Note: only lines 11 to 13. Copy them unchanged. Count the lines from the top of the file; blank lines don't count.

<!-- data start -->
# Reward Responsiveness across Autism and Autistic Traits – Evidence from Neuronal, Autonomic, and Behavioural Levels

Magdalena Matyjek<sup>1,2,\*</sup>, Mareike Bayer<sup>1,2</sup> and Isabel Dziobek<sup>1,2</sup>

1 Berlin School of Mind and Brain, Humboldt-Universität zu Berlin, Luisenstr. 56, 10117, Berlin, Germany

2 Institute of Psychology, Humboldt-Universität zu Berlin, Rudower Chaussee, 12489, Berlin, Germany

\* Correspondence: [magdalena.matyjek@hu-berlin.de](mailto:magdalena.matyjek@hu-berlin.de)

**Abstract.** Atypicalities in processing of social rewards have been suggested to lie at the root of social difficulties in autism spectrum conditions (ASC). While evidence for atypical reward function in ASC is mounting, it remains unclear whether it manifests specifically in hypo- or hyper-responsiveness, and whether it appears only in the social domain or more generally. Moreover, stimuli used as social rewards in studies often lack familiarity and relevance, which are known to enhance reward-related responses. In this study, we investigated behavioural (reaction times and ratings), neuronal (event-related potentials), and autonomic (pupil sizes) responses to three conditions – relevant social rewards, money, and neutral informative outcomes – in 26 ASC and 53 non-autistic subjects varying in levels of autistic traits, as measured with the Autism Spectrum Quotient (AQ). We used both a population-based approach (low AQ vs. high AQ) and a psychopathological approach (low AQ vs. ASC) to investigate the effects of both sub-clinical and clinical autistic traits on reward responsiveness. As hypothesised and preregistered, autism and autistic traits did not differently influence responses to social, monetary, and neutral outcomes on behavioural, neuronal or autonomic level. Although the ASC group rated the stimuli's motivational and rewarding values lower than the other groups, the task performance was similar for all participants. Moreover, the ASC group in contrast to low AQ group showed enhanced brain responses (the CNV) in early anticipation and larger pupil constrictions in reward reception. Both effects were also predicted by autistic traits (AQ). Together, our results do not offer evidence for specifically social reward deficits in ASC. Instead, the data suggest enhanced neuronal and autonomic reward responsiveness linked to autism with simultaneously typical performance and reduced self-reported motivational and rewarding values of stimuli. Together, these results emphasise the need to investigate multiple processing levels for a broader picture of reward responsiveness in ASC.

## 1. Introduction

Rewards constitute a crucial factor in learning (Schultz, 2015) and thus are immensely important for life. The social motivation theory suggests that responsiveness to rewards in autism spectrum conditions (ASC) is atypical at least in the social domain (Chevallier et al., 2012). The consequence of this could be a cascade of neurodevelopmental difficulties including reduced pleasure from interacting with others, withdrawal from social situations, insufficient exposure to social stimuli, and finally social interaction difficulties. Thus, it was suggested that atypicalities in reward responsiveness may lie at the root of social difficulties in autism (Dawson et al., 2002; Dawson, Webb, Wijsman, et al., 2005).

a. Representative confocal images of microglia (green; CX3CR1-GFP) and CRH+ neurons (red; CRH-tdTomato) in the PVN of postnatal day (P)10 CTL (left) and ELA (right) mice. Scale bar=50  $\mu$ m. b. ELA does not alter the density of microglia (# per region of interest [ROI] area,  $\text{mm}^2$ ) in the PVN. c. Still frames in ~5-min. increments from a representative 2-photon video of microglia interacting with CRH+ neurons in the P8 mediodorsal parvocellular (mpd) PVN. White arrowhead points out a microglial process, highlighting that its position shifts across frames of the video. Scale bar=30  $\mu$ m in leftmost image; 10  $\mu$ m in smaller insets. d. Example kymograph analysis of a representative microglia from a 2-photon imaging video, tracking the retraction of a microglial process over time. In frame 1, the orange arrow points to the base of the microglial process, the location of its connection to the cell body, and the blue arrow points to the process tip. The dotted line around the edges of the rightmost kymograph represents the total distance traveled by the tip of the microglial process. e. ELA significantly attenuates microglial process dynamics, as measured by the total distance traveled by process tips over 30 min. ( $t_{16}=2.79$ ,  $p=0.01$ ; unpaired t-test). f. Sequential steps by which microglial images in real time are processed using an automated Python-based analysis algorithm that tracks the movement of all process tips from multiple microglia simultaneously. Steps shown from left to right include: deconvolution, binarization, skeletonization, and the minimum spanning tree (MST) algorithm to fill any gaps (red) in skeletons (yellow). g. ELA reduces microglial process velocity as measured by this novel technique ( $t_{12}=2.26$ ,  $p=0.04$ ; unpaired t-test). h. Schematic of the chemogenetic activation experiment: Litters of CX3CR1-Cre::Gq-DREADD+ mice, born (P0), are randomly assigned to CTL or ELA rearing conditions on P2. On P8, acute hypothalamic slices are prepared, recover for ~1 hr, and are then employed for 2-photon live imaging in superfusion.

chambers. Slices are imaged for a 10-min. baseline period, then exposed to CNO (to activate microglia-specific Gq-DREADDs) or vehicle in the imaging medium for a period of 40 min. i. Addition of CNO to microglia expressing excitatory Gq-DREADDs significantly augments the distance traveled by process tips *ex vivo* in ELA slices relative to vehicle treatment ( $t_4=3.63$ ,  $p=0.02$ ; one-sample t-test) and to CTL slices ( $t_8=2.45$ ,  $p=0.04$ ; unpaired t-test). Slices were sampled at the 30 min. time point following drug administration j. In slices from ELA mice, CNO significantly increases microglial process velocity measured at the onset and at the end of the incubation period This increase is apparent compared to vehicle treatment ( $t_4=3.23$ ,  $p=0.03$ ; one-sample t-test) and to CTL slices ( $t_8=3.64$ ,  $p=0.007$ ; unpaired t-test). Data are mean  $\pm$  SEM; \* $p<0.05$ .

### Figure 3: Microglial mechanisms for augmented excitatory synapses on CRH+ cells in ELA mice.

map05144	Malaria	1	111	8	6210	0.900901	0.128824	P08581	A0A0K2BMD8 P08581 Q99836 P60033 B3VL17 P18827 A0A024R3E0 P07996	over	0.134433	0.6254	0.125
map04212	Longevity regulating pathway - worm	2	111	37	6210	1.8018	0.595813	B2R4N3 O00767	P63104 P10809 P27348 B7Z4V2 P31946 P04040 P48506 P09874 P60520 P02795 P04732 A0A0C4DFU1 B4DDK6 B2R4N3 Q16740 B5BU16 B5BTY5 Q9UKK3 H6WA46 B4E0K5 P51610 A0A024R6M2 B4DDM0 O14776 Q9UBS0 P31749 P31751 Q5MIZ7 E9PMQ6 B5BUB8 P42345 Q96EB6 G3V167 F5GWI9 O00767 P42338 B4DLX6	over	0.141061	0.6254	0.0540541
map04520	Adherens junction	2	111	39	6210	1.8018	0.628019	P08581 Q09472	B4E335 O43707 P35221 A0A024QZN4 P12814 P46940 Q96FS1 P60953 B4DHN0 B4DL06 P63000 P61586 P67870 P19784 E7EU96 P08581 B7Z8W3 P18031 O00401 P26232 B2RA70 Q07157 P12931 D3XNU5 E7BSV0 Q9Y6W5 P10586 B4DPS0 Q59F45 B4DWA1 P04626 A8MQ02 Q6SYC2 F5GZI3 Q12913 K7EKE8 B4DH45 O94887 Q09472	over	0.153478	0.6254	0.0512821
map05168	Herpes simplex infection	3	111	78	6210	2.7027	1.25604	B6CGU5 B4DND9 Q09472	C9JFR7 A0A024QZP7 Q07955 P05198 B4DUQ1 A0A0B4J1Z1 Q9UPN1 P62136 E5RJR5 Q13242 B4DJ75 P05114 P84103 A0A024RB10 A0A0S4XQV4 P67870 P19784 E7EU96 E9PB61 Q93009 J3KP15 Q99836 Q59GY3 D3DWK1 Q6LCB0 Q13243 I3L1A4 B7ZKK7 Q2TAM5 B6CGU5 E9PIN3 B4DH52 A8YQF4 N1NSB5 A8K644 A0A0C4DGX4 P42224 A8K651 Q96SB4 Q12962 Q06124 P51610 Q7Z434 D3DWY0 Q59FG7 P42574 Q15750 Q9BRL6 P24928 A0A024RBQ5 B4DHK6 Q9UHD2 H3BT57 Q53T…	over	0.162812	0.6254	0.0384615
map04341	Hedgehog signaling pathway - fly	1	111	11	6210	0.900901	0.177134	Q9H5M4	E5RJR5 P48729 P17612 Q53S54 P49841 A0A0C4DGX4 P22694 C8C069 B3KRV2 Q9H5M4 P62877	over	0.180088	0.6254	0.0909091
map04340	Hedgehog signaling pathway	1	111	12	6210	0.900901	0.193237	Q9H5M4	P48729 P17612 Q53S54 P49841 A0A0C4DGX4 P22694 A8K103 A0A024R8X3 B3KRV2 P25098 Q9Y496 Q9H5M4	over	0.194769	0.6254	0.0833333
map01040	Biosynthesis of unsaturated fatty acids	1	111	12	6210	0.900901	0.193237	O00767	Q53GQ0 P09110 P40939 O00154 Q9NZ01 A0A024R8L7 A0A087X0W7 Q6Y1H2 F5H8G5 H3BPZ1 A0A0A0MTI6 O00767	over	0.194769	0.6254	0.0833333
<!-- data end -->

### Figure 3: Microglial mechanisms for augmented excitatory synapses on CRH+ cells in ELA mice.

map05144	Malaria	1	111	8	6210	0.900901	0.128824	P08581	A0A0K2BMD8 P08581 Q99836 P60033 B3VL17 P18827 A0A024R3E0 P07996	over	0.134433	0.6254	0.125
map04212	Longevity regulating pathway - worm	2	111	37	6210	1.8018	0.595813	B2R4N3 O00767	P63104 P10809 P27348 B7Z4V2 P31946 P04040 P48506 P09874 P60520 P02795 P04732 A0A0C4DFU1 B4DDK6 B2R4N3 Q16740 B5BU16 B5BTY5 Q9UKK3 H6WA46 B4E0K5 P51610 A0A024R6M2 B4DDM0 O14776 Q9UBS0 P31749 P31751 Q5MIZ7 E9PMQ6 B5BUB8 P42345 Q96EB6 G3V167 F5GWI9 O00767 P42338 B4DLX6	over	0.141061	0.6254	0.0540541